Exagamglogene Autotemcel for Severe Sickle Cell Disease

Author(s): Haydar Frangoul, M.D. https://orcid.org/0000-0002-0590-2826, Franco Locatelli, M.D., Ph.D. https://orcid.org/0000-0002-7976-3654, Akshay Sharma, M.B., B.S. https://orcid.org/0000-0003-3281-2081, Monica Bhatia, M.D., Markus Mapara, M.D., Ph.D., Lyndsay Molinari, M.D., Donna Wall, M.D., Robert I. Liem, M.D., Paul Telfer, M.D., Ami J. Shah, M.D., Marina Cavazzana, M.D., Ph.D., Selim Corbacioglu, M.D. https://orcid.org/0000-0003-1070-8486, Damiano Rondelli, M.D., Roland Meisel, M.D., Laurence Dedeken, M.D., Stephan Lobitz, M.D., Mariane de Montalembert, M.D., Ph.D., Martin H. Steinberg, M.D., Mark C. Walters, M.D. https://orcid.org/0000-0002-6515-4559, Michael J. Eckrich, M.D., M.P.H., Suzan Imren, M.D., Laura Bower, M.D., Christopher Simard, M.D., Weiyu Zhou, Ph.D., Fengjuan Xuan, Ph.D., Phuong Khanh Morrow, M.D., William E. Hobbs, M.D., Ph.D., and Stephan A. Grupp, M.D., Ph.D., for the CLIMB SCD-121 Study Group*
Source: DOI: 10.1056/NEJMoa2309676
Anjan J Patel MD

Dr. Anjan Patel's Thoughts

Very exciting development in CRISPR-based therapy for transfusion-dependent sickle cell disease (SSD). 100% of patients avoided hospitalization for occlusive crisis. Long-term risks and concern for off-target gene editing will remain a concern. An argument can be made that for frequently admitted patients that this could be cost effective.


Exagamglogene autotemcel (exa-cel) is a nonviral cell therapy designed to reactivate fetal hemoglobin synthesis by means of ex vivo clustered regularly interspaced short palindromic repeats (CRISPR)–Cas9 gene editing of autologous CD34+ hematopoietic stem and progenitor cells (HSPCs) at the erythroid-specific enhancer region of BCL11A.


We conducted a phase 3, single-group, open-label study of exa-cel in patients 12 to 35 years of age with sickle cell disease who had had at least two severe vaso-occlusive crises in each of the 2 years before screening. CD34+ HSPCs were edited with the use of CRISPR-Cas9. Before the exa-cel infusion, patients underwent myeloablative conditioning with pharmacokinetically dose-adjusted busulfan. The primary end point was freedom from severe vaso-occlusive crises for at least 12 consecutive months. A key secondary end point was freedom from inpatient hospitalization for severe vaso-occlusive crises for at least 12 consecutive months. The safety of exa-cel was also assessed.


A total of 44 patients received exa-cel, and the median follow-up was 19.3 months (range, 0.8 to 48.1). Neutrophils and platelets engrafted in each patient. Of the 30 patients who had sufficient follow-up to be evaluated, 29 (97%; 95% confidence interval [CI], 83 to 100) were free from vaso-occlusive crises for at least 12 consecutive months, and all 30 (100%; 95% CI, 88 to 100) were free from hospitalizations for vaso-occlusive crises for at least 12 consecutive months (P<0.001 for both comparisons against the null hypothesis of a 50% response). The safety profile of exa-cel was generally consistent with that of myeloablative busulfan conditioning and autologous HSPC transplantation. No cancers occurred.


Treatment with exa-cel eliminated vaso-occlusive crises in 97% of patients with sickle cell disease for a period of 12 months or more. (CLIMB SCD-121; ClinicalTrials.gov number, NCT03745287.)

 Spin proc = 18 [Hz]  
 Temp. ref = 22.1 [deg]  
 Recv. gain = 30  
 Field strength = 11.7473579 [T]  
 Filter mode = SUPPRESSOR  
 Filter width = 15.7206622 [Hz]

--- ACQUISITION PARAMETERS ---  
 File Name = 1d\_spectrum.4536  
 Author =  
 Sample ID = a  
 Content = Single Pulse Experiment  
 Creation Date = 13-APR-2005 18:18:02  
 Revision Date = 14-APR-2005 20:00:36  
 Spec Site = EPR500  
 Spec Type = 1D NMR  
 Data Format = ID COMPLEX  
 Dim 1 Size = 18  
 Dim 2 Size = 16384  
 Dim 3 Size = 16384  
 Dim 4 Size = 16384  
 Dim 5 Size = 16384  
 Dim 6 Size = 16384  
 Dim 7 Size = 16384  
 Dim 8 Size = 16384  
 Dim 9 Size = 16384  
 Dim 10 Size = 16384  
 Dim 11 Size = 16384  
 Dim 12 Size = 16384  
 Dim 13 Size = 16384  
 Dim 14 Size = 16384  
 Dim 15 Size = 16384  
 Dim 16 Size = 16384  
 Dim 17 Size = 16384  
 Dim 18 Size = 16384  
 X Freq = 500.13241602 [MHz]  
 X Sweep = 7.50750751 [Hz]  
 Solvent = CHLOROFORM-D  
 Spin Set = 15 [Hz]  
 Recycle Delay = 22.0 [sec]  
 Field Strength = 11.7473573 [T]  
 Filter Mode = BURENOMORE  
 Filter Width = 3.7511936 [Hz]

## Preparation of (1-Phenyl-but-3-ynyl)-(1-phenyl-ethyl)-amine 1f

Author Affiliations

From Sarah Cannon Research Institute at the Children’s Hospital at TriStar Centennial (H.F.), Nashville, and Bone Marrow Transplantation and Cellular Therapy, St. Jude Children’s Research Hospital, Memphis (A.S.) — both in Tennessee; IRCCS, Ospedale Pediatrico Bambino Gesù, Catholic University of the Sacred Heart, Rome (F.L.); the Department of Pediatrics, Columbia University Irving Medical Center, New York–Presbyterian–Morgan Stanley Children’s Hospital (M.B.), and the Department of Medicine, Division of Hematology–Oncology, Columbia University (M. Mapara) — both in New York; Sarah Cannon Pediatric Transplant and Cellular Therapy Program at Methodist Children’s Hospital, San Antonio, TX (L.M., M.J.E.); the Hospital for Sick Children and the University of Toronto, Toronto (D.W.); Ann and Robert H. Lurie Children’s Hospital of Chicago (R.I.L.) and the University of Illinois at Chicago (D.R.) — both in Chicago; Royal London Hospital, Barts Health NHS Trust, London (P.T.); Stanford University, Palo Alto (A.J.S.), and University of California San Francisco Benioff Children’s Hospital, Oakland (M.C.W.) — both in California; the Biotherapy Department and Biotherapy Clinical Investigation Center (M.C.), Necker–Enfants Malades Hospital, Assistance Publique–Hopitaux de Paris, Université Paris-Cité (M. de Montalembert), Paris; the University of Regensburg, Regensburg (S.C.), the Division of Pediatric Stem Cell Therapy, Department of Pediatric Oncology, Hematology, and Clinical Immunology, Medical Faculty, Heinrich Heine University, Duesseldorf (R.M.), and Gemeinschaftsklinikum Mittelrhein, Koblenz (S.L.) — all in Germany; Hôpital Universitaire des Enfants Reine Fabiola, Université Libre de Bruxelles, Brussels (L.D.); Boston University Chobanian and Avedisian School of Medicine (M.H.S.) and Vertex Pharmaceuticals (S.I., L.B., C.S., W.Z., F.X., W.E.H.), Boston, and CRISPR Therapeutics, Cambridge (P.K.M.) — all in Massachusetts; and the Division of Oncology, Children’s Hospital of Philadelphia, Perelman School of Medicine at the University of Pennsylvania, Philadelphia (S.A.G.).

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